The majority of surgical residents consider an international rotation as educationally beneficial, even though they are rarely undertaken. Our survey shows that in order to facilitate foreign rotations, Flemish universities and governmental institutions will have to alleviate the regulatory, logistical and financial constraints.

Estimation of the National Surgical Needs in India by Enumerating the Surgical Procedures in an Urban Community Under Universal Health Coverage

11% of the global burden of disease requires surgical care or anaesthesia management or both. Some studies have estimated this burden to be as high as 30%. The Lancet Commission for Global Surgery (LCoGS) estimated that 5000 surgeries are required to meet the surgical burden of disease for 100,000 people in LMICs. Studies from LMICs, estimating surgical burden based on enumeration of surgeries, are sparse.

We performed this study in an urban population availing employees’ heath scheme in Mumbai, India. Surgical procedures performed in 2017 and 2018, under this free and equitable health scheme, were enumerated. We estimated the surgical needs for national population, based on age and sex distribution of surgeries and age standardization from our cohort.

A total of 4642 surgeries were performed per year for a population of 88,273. Cataract (22.8%), Caesareans (3.8%), surgeries for fractures (3.27%) and hernia (2.86%) were the commonest surgeries. 44.2% of surgeries belonged to the essential surgeries. We estimated 3646 surgeries would be required per 100,000 Indian population per year. One-third of these surgeries would be needed for the age group 30–49 years, in the Indian population.

A total of 3646 surgeries were estimated annually to meet the surgical needs of Indian population as compared to the global estimate of 5000 surgeries per 100,000 people. Caesarean section, cataract, surgeries for fractures and hernia are the major contributors to the surgical needs. More enumeration-based studies are needed for better estimates from rural as well as other urban areas.

Designing devices for global surgery: evaluation of participatory and frugal design methods

Most people living in low- and middle-income countries have no access to surgical care. Equipping under-resourced health care contexts with appropriate surgical equipment is thus critical. “Global” technologies must be designed specifically for these contexts. But while models, approaches and methods have been developed for the design of equipment for global surgery, few studies describe their implementation or evaluate their adequacy for this purpose.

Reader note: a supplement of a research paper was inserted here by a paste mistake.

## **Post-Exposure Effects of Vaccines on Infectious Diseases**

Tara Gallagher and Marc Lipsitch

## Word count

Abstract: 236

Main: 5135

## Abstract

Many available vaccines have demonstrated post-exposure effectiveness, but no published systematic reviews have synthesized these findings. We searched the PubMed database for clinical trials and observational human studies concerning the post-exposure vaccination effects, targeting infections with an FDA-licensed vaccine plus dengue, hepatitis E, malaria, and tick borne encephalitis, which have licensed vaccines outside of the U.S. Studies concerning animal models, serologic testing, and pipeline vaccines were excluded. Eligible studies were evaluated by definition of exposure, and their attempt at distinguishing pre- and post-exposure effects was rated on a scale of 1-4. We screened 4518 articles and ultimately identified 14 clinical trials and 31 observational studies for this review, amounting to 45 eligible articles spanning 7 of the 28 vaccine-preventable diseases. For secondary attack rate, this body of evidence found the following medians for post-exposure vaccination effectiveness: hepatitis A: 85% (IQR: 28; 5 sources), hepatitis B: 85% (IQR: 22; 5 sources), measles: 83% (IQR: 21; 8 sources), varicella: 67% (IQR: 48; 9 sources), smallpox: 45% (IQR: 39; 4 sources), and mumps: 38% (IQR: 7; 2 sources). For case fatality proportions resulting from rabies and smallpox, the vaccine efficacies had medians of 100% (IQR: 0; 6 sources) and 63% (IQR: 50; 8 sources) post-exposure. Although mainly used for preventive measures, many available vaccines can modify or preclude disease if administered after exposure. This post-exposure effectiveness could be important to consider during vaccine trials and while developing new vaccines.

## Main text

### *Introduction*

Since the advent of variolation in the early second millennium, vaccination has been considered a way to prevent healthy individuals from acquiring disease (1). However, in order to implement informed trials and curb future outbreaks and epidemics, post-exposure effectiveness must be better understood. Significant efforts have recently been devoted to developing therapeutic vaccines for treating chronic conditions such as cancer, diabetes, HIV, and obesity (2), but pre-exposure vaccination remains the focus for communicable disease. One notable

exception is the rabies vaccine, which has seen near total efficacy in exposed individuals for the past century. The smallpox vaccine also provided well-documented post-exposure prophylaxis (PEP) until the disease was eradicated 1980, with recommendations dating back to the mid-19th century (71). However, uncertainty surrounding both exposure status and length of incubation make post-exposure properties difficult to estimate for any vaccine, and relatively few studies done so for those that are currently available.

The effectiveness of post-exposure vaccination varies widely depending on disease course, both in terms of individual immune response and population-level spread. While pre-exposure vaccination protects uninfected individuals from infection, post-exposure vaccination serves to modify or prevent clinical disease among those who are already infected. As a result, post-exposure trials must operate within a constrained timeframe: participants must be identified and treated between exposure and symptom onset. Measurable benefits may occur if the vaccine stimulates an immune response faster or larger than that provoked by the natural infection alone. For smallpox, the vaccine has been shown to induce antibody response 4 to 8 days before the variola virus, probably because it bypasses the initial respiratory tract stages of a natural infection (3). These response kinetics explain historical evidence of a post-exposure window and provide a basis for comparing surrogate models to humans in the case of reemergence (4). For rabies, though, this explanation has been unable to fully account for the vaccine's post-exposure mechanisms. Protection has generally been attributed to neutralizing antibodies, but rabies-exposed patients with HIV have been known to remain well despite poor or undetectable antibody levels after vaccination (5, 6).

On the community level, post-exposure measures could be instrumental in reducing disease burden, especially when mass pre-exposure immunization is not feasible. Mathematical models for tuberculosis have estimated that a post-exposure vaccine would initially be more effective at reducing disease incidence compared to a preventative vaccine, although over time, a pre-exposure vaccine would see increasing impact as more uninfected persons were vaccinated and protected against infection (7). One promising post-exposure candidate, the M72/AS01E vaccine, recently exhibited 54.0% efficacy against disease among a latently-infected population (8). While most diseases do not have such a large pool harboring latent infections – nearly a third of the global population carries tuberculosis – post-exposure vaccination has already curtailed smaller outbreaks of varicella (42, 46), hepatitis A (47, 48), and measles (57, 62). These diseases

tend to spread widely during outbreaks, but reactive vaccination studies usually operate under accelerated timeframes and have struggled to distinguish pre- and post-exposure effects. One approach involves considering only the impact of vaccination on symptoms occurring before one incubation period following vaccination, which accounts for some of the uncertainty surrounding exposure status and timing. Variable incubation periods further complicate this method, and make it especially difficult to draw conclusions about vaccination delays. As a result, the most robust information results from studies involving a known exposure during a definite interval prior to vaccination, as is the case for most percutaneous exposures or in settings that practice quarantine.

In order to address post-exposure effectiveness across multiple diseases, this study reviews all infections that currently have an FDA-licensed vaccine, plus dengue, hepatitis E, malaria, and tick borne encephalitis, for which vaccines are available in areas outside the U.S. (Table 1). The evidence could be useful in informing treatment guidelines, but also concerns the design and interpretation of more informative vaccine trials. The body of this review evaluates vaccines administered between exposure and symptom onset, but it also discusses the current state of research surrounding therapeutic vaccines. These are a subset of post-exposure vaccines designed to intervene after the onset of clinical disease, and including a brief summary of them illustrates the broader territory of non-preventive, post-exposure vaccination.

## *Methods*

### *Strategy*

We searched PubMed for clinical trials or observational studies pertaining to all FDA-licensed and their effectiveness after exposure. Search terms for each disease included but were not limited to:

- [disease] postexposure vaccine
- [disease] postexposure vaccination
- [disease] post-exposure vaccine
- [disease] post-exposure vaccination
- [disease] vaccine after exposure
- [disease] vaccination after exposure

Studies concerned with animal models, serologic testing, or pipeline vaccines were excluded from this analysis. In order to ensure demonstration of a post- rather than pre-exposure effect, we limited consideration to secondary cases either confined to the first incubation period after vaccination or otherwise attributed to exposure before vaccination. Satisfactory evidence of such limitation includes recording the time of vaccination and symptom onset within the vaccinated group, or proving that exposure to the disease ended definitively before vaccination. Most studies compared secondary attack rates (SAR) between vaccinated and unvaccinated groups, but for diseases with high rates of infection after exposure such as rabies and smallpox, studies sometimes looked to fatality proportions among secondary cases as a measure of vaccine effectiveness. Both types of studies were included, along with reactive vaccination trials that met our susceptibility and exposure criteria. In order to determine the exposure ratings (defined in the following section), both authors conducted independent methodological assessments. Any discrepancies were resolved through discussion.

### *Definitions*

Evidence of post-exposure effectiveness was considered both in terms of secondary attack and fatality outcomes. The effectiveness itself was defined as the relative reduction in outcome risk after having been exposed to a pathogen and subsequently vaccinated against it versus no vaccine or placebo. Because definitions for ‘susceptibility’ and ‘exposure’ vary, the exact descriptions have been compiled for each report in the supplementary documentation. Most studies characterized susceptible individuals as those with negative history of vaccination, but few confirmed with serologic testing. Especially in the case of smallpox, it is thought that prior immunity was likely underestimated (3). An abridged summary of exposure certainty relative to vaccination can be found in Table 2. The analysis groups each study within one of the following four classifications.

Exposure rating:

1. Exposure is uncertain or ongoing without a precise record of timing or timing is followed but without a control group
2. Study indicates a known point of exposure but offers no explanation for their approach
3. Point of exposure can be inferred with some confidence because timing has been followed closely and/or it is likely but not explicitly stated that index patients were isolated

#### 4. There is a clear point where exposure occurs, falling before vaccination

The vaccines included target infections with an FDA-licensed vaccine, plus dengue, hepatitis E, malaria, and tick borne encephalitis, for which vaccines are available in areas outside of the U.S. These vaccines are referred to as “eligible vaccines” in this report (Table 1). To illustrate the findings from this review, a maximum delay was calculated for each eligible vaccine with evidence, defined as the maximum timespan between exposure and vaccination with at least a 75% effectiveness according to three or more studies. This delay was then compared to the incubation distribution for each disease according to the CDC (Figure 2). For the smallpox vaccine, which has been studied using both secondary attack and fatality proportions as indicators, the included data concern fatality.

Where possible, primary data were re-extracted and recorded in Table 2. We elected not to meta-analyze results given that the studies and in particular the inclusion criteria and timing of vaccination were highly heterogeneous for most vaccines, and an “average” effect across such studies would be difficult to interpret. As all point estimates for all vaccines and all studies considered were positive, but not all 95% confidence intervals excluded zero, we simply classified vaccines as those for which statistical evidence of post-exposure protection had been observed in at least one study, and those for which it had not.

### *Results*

A multidisciplinary team applied participatory and frugal design methods to design a surgical device for gasless laparoscopy. The team employed a formal roadmap, devised to guide the development of global surgical equipment, to structure the design process into phases. Phases 0–1 comprised primary research with surgeons working in low-resource settings and forming collaborative partnerships with key stakeholders. These participated in phases 2–3 through design workshops and video events. To conclude, surgical stakeholders (n=13) evaluated a high-fidelity prototype in a cadaveric study.

The resulting design, “RAIS” (Retractor for Abdominal Insufflation-less Surgery), received positive feedback from rural surgeons keen to embrace and champion innovation as a result of the close collaboration and participatory design methods employed. The roadmap provided a valuable means to structure the design process but this evaluation highlighted the need for further development to detail specific methodology. The project outcomes were used to develop recommendations for innovators designing global surgical equipment.

To inform early phases in the design roadmap, engaging a variety of stakeholders to provide regular input is crucial. Effective communication is vital to elucidate clear functional design requirements and hence reveal opportunities for frugal innovation. Finally, responsible innovation must be embedded within the process of designing devices for global surgery.

A community-wide effort is required to formally evaluate and optimize processes for designing global surgical devices and hence accelerate adoption of frugal surgical technologies in low-resource settings.

A Situational Analysis of the Specialist Anaesthesia Workforce of East, Central and Southern Africa